It is especially important that we remove technical jargon and academic lingo from writings that are to be read by laypeople and by varied audiences. It is important to do more than simply report on our research “findings”—we should learn how to educate our audiences and engage them in thinking with us about the implications of research findings. One approach to writing about our research is to describe for our audience the process of our inquiry—to tell the “story” of what we did and how we came to the insights, conclusions, and questions that we feel are the important outcomes of our inquiry.
Techniques and Uses of Note-Taking
This short handout on “Note-Taking Methods and Ideas for Community Agencies” was developed by Terry Lunsford and John Bilorusky, of the WISR faculty, in 1981, as part of WISR’s Federally-funded FIPSE project on teaching and learning action-research. It briefly outlines some ways of taking notes by spending just a few minutes every few days, and then overtime, using these notes for one’s research and writing projects.
Some Ideas and Suggestions about Writing
by WISR Faculty members, Cynthia Lawrence and John Bilorusky, June 2, 2006
This article was written for a WISR seminar, to help WISR students get some ideas and tips on how to “get started” in doing writing for their various projects. Emphasis is on finding manageable ways to write a little at a time, in small chunks, as part of our everyday living. Emphasis is also on letting go of the inhibiting factors that have influenced us in the mis-education that is usually experienced as we have gone through conventional schools and colleges. There are also some suggestions for writing meaningfully, clearly and in your own voice in the latter stages of the writing process.
Action Research Seminar: ‘Writing in Your Own Voice’
by WISR Faculty Member, Cynthia Lawrence
Although mechanics, punctuation and spelling should be of some concern, they should not inhibit writing, and many other qualities are much more important. We, at WISR, accept and legitimate, validate and honor your subjective voice. We expect that you write, not to show you’re right but to show that you have a legitimate position. Writing is . . .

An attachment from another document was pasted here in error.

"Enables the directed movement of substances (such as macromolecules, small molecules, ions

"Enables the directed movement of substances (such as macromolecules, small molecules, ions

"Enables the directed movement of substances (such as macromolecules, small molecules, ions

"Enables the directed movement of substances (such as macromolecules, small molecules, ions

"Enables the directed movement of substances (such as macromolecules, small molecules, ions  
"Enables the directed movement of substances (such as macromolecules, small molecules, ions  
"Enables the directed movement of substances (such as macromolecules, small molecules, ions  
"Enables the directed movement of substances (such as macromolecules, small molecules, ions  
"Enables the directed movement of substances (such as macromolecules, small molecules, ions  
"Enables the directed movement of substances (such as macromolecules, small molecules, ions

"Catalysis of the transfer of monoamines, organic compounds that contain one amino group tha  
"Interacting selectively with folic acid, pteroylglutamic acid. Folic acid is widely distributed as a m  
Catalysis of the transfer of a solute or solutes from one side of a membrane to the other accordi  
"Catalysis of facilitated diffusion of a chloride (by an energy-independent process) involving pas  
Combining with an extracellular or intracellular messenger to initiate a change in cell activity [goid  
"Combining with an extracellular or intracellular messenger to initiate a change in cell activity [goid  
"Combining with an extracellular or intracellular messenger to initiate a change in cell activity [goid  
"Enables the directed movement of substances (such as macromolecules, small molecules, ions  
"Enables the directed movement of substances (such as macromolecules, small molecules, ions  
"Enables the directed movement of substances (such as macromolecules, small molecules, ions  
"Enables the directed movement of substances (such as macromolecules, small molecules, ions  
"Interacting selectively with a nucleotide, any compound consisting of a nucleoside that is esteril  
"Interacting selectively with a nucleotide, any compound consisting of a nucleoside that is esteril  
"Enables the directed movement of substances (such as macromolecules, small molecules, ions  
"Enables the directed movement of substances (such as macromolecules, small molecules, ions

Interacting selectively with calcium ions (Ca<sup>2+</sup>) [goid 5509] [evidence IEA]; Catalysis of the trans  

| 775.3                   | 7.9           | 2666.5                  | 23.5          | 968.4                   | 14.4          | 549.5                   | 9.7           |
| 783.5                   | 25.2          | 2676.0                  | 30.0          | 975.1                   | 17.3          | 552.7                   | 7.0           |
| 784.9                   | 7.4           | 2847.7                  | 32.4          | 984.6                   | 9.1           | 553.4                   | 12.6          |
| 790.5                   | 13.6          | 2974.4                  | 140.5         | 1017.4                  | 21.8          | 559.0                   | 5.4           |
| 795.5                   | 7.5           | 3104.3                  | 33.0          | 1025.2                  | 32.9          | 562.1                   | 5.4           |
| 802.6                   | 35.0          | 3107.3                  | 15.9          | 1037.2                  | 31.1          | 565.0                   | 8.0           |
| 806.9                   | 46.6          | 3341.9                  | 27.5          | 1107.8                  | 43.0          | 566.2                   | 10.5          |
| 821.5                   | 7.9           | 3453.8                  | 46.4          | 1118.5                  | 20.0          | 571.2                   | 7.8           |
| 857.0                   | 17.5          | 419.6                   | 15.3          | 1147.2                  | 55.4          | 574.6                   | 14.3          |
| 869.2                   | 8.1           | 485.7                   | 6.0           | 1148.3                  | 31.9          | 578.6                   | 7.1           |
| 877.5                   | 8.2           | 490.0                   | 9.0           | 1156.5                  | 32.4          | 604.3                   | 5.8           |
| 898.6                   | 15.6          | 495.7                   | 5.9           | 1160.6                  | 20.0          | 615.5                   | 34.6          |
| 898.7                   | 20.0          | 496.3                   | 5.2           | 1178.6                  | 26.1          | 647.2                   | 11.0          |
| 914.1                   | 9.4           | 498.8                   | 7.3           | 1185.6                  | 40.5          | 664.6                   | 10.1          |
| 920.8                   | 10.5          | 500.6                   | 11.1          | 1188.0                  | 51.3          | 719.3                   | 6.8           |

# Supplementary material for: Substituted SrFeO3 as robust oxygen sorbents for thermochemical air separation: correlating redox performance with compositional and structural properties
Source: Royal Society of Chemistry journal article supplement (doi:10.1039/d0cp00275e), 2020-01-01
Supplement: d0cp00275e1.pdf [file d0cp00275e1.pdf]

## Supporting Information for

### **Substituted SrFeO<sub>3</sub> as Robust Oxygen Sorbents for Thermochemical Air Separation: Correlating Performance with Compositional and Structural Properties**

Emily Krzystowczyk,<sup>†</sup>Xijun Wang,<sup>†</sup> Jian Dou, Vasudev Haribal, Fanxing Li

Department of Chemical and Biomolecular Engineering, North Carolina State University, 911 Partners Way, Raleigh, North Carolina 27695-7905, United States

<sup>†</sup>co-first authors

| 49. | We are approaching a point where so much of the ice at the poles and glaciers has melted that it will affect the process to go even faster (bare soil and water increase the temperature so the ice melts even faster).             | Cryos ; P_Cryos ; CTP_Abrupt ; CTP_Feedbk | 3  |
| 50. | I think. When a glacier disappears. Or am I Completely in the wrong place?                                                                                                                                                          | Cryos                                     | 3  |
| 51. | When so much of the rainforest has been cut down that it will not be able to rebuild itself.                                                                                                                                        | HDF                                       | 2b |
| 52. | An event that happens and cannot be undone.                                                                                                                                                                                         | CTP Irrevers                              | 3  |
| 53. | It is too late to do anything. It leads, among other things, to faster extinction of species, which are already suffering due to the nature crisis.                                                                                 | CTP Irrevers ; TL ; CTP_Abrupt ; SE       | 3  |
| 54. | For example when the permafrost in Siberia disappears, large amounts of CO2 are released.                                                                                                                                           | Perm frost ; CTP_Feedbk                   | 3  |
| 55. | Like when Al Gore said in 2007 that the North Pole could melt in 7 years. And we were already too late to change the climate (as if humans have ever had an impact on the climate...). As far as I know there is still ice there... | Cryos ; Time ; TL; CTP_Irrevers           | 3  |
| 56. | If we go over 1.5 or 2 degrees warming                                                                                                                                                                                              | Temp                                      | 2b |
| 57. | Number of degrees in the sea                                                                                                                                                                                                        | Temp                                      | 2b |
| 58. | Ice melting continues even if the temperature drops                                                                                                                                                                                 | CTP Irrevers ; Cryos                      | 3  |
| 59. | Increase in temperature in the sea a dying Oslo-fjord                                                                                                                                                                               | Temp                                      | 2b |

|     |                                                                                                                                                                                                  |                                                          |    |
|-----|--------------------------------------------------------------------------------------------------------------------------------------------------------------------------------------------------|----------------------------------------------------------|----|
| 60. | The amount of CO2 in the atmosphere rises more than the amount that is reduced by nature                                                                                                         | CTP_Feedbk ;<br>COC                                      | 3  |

• The preservation of thought
• The way to record filed notes, ethnographies, theories and concepts
• The clarification of thought
• The encouragement and communication with others
• The format for dissemination
• The content that adds to society’s body of knowledge
• The proof of what one learns
• The validation of personal knowledge
• The commitment to paper—ideas, values, philosophy
All too often, some elementary and secondary English classes end up inhibiting and blocking the writing growth of many students rather engaging students in writing more freely. Because most of us have experienced a more threatening approach to writing improvement, it may be hard to trust our voice, our style, our emotional self, our values, our intellect and more. In this blurb on our seminar, you are hearing only my voice, the richness of other voices in the seminar is missing but I have recorded some of the ideas from the seminar. As I said, write it down!
Included were also some notes taken from a couple of previous writing seminars (1985 and after). The topics were:
• Kinds of Writing (or Purpose of Writing)
• Steps to Writing
• Commitment to Writing
• Standards of Writing
• What Encourages Writing?
• Ways of Maintaining Meaning
• Unanswered Questions
The Role of Collaboration in Action-Research and Inquiry
by WISR faculty member, John Bilorusky
At its best, inquiry not something done by a single person in isolation, but a continuing process that involves cooperation and collaboration between two people, or even many people. It is not surprising that many, perhaps most, Nobel prizes in the sciences are given jointly to two or more people doing cutting edge research in cooperation with one another. At times, “collaboration” involves competing scientists, each trying to get to a break through before one another, but still taking advantage of, and building on, one another’s insights. In this context, one scientist may gain superior recognition, but at least all the scientists progress and learn more, as do the societies that benefit from their breakthroughs.